A wake of vultures perches on the bare branches of a towering tree, dark shapes silhouetted against a pale sky, sharp beaks and talons ready to tear apart a dead cow laid out in a Cambodian jungle clearing.
This manmade "vulture restaurant" is part of efforts across Asia to save the critically endangered bird from extinction. Now there are tentative signs they may be paying off.
The population of vultures in Cambodia has doubled to 300 from as few as 150 in 2004. In India, they are still dying off, but their rate of decline has fallen.
These super scavengers may be regarded as messengers of death and doom, but in Asia, it is they who have suffered one of the natural world's greatest population crashes of recent times.
From tens of millions, numbers of the three main species have plummeted to well below 60,000, says British expert Richard Cuthbert. They have gone extinct in several countries, including Thailand, Vietnam and Laos, and are still declining outside of Cambodia.
While the greatest losses have been in Asia, most vultures outside the region are also deemed critically endangered or threatened.
Scientists say they will probably never fully revive; they were once so numerous in Cambodia that airplanes had to dodge flocks of them. But some reasons for hope have emerged.
In South Asia, the decline of the oriental white-backed vulture has been slowed by a ban on the use of a painkiller in livestock. Diclofenac, widely prescribed by veterinarians in India, Pakistan and Nepal, proved fatal to vultures, which died of acute kidney failure after eating the carcasses of animals treated with it.
In India, they were as part of the landscape as the cows nonchalantly wandering the streets, helping to prevent the spread of disease by vacuuming up carrion. Their decline has been so catastrophic that the Parsis, a religious group that offered their dead to vultures on raised platforms _ the "towers of silence" _ now must use giant solar reflectors to speed up the decomposition of corpses.
"I'd say we are on the border of a red-orange alert as far as extinction. There is some improvement but we have a long way to go," says Cuthbert, the principal conservation scientist of the Royal Society for the Protection of Birds.
A study published in May showed the proportion of cattle carcasses in India contaminated with diclofenac dropped by more than 40 percent in the two years after the ban was introduced in 2006, Cuthbert said. The annual rate of decline for the white-backed vulture is estimated to be about 18 percent, down from 40 percent before the ban.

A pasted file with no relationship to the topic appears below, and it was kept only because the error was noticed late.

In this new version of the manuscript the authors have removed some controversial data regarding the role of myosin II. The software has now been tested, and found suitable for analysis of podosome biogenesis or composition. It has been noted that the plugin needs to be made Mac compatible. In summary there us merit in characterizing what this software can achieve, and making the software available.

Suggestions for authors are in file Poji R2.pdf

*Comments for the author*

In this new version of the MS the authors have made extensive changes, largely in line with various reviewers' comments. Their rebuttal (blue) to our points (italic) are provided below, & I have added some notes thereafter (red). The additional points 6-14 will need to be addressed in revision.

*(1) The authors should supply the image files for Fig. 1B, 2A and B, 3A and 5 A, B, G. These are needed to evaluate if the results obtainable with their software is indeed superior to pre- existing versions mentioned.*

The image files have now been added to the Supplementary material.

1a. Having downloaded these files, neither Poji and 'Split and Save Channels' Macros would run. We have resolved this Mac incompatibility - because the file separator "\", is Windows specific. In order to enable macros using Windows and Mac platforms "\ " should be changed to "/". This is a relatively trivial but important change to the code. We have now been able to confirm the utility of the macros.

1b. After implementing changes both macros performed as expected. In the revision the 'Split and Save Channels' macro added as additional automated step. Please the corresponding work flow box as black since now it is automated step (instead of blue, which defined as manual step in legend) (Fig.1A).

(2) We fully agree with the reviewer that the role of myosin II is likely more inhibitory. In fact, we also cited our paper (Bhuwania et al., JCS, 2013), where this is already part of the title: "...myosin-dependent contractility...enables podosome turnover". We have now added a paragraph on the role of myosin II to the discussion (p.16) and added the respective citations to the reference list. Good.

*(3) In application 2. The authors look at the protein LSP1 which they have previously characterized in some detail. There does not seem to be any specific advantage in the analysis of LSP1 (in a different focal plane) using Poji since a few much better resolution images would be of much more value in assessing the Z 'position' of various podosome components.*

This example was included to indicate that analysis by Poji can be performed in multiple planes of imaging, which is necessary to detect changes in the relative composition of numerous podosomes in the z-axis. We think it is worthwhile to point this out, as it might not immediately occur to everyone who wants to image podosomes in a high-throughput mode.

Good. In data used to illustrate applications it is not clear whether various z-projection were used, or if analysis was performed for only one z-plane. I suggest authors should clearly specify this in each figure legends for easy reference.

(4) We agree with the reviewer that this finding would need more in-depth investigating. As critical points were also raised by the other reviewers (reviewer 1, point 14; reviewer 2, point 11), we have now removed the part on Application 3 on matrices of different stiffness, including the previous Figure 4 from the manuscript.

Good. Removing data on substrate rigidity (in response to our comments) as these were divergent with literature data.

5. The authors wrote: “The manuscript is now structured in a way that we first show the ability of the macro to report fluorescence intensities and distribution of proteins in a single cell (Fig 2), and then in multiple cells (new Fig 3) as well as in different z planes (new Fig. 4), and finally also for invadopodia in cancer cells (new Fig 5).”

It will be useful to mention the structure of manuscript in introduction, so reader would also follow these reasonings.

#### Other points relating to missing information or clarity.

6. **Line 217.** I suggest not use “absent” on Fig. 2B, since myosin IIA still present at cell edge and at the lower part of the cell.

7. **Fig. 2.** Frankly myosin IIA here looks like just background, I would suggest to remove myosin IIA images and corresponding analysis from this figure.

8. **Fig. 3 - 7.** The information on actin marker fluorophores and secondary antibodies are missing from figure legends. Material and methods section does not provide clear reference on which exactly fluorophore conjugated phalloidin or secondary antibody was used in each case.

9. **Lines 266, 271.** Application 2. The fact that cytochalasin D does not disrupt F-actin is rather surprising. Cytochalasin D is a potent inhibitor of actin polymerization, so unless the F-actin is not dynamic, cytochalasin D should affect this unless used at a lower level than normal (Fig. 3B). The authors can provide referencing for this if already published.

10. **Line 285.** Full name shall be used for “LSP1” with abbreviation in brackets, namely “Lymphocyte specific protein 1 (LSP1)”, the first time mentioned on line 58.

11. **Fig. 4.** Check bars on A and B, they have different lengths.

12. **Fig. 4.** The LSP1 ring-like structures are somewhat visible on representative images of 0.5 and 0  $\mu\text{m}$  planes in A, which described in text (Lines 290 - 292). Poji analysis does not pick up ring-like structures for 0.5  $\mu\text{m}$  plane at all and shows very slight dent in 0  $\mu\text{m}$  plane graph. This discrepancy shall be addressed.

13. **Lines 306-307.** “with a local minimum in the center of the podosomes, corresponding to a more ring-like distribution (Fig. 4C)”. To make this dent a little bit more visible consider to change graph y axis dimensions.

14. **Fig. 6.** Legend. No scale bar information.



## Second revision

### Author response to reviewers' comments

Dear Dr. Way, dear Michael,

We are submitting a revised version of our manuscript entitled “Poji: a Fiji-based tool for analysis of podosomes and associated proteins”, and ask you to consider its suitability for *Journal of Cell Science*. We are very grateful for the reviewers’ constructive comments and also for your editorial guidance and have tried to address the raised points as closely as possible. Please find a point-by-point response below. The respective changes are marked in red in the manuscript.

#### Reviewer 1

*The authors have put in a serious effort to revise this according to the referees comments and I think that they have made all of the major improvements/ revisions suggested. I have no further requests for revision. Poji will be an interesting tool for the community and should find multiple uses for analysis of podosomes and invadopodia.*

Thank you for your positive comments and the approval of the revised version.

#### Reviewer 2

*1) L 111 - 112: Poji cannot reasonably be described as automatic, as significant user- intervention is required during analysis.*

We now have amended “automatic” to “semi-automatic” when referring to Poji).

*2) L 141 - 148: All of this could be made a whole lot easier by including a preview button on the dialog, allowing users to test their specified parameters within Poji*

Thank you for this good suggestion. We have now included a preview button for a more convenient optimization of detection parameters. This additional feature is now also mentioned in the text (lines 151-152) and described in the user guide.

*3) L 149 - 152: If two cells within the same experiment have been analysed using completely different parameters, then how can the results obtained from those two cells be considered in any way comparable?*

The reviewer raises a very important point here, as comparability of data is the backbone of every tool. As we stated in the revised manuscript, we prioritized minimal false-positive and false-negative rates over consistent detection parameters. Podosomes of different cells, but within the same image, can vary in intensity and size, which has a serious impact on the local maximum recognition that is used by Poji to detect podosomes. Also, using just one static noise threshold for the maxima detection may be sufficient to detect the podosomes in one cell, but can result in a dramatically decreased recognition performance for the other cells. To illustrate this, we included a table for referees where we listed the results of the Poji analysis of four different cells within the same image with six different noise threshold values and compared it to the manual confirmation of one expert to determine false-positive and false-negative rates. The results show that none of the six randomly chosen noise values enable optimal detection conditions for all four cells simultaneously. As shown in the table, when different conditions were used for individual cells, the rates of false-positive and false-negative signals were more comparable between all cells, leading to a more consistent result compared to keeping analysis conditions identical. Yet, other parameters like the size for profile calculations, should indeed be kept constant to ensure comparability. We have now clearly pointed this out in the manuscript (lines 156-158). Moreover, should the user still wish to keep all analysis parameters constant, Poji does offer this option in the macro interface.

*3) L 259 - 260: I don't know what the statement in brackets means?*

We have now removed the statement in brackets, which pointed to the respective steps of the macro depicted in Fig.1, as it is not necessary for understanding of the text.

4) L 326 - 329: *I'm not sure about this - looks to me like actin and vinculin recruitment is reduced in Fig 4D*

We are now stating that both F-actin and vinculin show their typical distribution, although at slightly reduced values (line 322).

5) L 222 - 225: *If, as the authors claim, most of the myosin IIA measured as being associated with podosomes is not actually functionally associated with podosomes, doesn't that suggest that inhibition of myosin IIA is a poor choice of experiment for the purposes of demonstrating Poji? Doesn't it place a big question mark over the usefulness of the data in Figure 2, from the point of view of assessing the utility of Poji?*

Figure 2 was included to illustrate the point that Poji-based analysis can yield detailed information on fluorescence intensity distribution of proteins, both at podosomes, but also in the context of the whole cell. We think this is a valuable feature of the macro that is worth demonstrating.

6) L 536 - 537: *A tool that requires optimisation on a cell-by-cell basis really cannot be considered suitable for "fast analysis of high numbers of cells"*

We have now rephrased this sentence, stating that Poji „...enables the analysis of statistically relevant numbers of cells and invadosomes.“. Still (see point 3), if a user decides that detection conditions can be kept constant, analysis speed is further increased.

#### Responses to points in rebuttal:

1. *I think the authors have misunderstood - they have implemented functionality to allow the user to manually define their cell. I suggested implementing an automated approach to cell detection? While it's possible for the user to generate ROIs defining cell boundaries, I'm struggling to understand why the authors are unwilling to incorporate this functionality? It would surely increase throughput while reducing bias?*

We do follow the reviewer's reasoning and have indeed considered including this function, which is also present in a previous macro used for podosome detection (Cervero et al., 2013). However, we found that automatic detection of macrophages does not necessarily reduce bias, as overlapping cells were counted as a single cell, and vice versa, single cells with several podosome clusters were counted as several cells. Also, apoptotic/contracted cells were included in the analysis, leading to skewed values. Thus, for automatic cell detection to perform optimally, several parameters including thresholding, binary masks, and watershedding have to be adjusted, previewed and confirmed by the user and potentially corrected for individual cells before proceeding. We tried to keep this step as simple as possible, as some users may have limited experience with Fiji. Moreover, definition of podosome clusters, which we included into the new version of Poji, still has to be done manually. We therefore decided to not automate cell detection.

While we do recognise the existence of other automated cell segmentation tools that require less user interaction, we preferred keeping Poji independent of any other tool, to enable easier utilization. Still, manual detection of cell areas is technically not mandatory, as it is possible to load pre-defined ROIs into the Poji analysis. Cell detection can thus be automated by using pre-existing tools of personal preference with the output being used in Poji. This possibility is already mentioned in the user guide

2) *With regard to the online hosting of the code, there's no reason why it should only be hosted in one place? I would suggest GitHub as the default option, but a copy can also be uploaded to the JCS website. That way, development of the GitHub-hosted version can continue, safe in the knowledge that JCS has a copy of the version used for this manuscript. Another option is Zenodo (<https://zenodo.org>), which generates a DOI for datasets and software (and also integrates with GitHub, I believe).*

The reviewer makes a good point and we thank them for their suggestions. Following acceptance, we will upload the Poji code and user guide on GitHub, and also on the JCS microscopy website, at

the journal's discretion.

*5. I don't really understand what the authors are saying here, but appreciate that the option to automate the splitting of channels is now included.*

But the human form of the drug _ an anti-inflammatory medicine _ is still often used by veterinarians, with some pharmaceutical companies even offering convenient, "cow-sized" doses.
India, Nepal and Pakistan have set up breeding centers, hoping to release chicks when the environment is deemed safer. They also have vulture restaurants, which offer drug-free carcasses. Nepal launched a 10-year Saving Asia's Vultures from Extinction program this year and declared a number of diclofenac-free zones.
The drug is rarely used for livestock in Southeast Asia. "We're trying hard to take steps to make sure it doesn't enter the food chain," says Jonathan Charles Eames, regional head for Britain-based BirdLife International.
The greatest threat here has been a loss of food: falling stocks of wild mammals, because of hunting, and of free-roaming cattle as farmers turn to more intensive husbandry and fear theft of their beasts.
"Before 1970, when I was young there were so many vultures in this area. I could see them wherever I went," recalled 82-year-old Pha Noung in the northern Cambodian village of Dangplat, pointing his finger in every direction. "Then almost none. Now, some are coming back."
Down a forest track near his village, the New York-based Wildlife Conservation Society has set up one of six spots in Cambodia where vultures are given food and thus can also be more easily counted. The World Wide Fund for Nature, BirdLife International and the Cambodian government are partners in the nationwide effort.
Song Chansocheat, a Wildlife Conservation Society project manager, says villagers now have a stake in preserving the vulture. They are hired at $2.50 a day to protect nests. They also earn income from foreign bird watching groups, setting up their tent sites and selling them food for the vulture restaurants _ including old or injured cows at up to $200 a head.
But an increasing number of vultures are dying of poisons used by hunters to kill fish and jungle animals, while loggers continue to destroy nesting habitat. Impoverished villagers also sometimes eat decomposing, possibly diseased, cows found in the forests, leaving less for vultures, Song Chansocheat says.
So the restaurants are seen as vital, the bleached, meatless rib cages and skulls, evidence of feasts past.
Recently, as the forests woke up to the chatter and songs of other birds, vultures settled on tree branches above the cow, killed a day earlier. Others, high above, rode the thermals in graceful circles.
From a high watchtower, ranger En Sophal peered through his binoculars, smiled and took notes: "50 white-backed, 11-red-headed, 6 slender-billed: 67 vultures sighted."